Do You Keep an Idea Bank?

By Posted in - On Writing on May 12th, 2011 9 Comments

I received an interesting question from a writing friend on Facebook today which I wanted to share with you because I’m sure we’re not the only two writers to have struggled with this:

“Lia, my novel keeps changing, the story keeps evolving, and I’m losing all sense of control. I don’t know how to keep track of all the smallest ideas, the ones that I need to keep, the ones that go but then should come back…
At least I got everything in a single folder, and most of it in the Liquid Story Binder but still… I’m trying to plan the nth draft and got stuck at end of Act 1. I don’t know how to follow without loosing richness of details of first act.
So, question is, how do you keep track of everything? “

I think that part of this is due to the combination of an active imagination and the impatience one feels with the length of time it takes to write a novel.

While we are working on a novel, our minds don’t stop creatively, so we’re always wondering if we could or should change what we’re doing and call it evolution. That’s one reason why it has taken me five years to write my book.

The truth of the matter is that, if I’m totally honest, the first idea I had five years ago was good enough already. I could have written four more books since then, each of which could have explored one of the new ideas or characters that crept in during the writing process.

The trick is to know what to put in and what to save for later. I’ve discovered the hard way that nailing down the premise of the book early and sticking to it is the best way to go. Once you’ve sold the book, editors still want changes, or ask for one element to be made stronger and for another to fade into the background more. They ask for more characters, or deeper characterization of a particular character. If you’ve kept a folder for CHARACTERS and created a document (or several documents in a sub-folder) dedicated to each character, then you can go back and all those ideas are there, waiting to be used. Like savings in the bank.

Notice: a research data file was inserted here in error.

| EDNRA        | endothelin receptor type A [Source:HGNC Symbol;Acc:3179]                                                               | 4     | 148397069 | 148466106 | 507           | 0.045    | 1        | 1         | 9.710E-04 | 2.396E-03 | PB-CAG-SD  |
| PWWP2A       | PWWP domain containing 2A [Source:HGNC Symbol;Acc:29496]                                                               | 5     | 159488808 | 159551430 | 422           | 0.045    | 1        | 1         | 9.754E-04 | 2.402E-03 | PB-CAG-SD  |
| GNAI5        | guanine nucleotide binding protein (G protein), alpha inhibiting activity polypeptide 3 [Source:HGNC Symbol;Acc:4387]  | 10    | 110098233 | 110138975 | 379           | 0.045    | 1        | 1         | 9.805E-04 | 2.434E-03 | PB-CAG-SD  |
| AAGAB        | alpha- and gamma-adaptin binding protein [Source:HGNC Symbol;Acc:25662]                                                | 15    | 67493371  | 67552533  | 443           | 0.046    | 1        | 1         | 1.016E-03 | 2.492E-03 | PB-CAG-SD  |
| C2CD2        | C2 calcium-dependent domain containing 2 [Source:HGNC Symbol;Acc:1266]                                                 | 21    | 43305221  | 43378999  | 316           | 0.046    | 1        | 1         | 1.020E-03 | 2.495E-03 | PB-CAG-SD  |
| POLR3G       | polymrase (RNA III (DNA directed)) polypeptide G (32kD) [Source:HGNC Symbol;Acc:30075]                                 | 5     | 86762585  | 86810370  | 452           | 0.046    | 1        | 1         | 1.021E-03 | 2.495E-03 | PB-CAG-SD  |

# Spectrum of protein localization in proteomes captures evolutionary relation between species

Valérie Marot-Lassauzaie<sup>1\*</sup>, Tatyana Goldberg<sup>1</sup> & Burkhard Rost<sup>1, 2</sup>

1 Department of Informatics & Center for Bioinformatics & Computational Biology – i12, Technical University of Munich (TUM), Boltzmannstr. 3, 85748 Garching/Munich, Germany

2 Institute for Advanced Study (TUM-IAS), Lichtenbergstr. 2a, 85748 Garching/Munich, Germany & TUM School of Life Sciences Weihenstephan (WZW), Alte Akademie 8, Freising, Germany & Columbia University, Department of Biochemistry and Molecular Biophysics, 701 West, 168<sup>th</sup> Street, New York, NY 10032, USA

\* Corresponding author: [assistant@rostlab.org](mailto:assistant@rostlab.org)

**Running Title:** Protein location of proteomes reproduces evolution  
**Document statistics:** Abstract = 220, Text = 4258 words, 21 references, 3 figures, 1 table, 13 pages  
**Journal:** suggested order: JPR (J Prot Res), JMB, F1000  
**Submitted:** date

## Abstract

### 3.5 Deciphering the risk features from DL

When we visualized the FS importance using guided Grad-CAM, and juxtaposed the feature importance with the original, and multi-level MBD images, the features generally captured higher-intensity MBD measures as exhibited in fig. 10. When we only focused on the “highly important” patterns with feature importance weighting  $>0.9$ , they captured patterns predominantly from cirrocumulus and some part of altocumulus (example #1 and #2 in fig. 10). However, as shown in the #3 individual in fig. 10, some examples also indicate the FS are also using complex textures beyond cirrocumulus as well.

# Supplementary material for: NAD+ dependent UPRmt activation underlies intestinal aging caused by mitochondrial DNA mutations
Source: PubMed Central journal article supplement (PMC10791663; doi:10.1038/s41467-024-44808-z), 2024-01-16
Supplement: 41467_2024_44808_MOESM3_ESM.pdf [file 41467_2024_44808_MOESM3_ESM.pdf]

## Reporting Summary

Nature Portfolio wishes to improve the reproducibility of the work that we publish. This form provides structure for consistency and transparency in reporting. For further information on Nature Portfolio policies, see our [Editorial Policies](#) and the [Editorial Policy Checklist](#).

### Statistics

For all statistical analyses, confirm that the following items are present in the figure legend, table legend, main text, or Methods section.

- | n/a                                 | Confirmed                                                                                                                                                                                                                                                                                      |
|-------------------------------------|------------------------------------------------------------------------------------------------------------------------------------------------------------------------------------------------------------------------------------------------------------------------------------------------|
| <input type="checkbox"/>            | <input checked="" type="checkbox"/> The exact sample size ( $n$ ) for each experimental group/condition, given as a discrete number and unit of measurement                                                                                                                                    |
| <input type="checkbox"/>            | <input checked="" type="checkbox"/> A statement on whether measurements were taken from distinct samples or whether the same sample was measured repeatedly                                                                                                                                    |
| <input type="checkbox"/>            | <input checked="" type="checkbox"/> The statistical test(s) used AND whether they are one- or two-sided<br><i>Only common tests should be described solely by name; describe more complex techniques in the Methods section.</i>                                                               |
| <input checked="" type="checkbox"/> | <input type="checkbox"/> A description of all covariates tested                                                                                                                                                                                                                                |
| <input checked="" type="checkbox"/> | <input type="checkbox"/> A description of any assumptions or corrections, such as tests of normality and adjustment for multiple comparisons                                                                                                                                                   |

You don’t have to spend them all at once.

Same goes for world-building, story ideas, scenes. Create an IDEA BANK and as many sub-folders within that to satisfy your need to record every gem.

But be judicious about how many you use in your first book. Throwing everything you’ve got at one book may just muddle the reader.

You may be doing this because you don’t think your story is cool enough, or big enough, or flashy enough. The premise is the key. If the character is interesting, has an interesting problem, forms a plan that you want to watch them implement, encounters opposition from a fascinating antagonist, comes to terms with the flaw in their first plan, forms a new plan, succeeds, and goes forward to a new life enhanced by that growth, then you have something.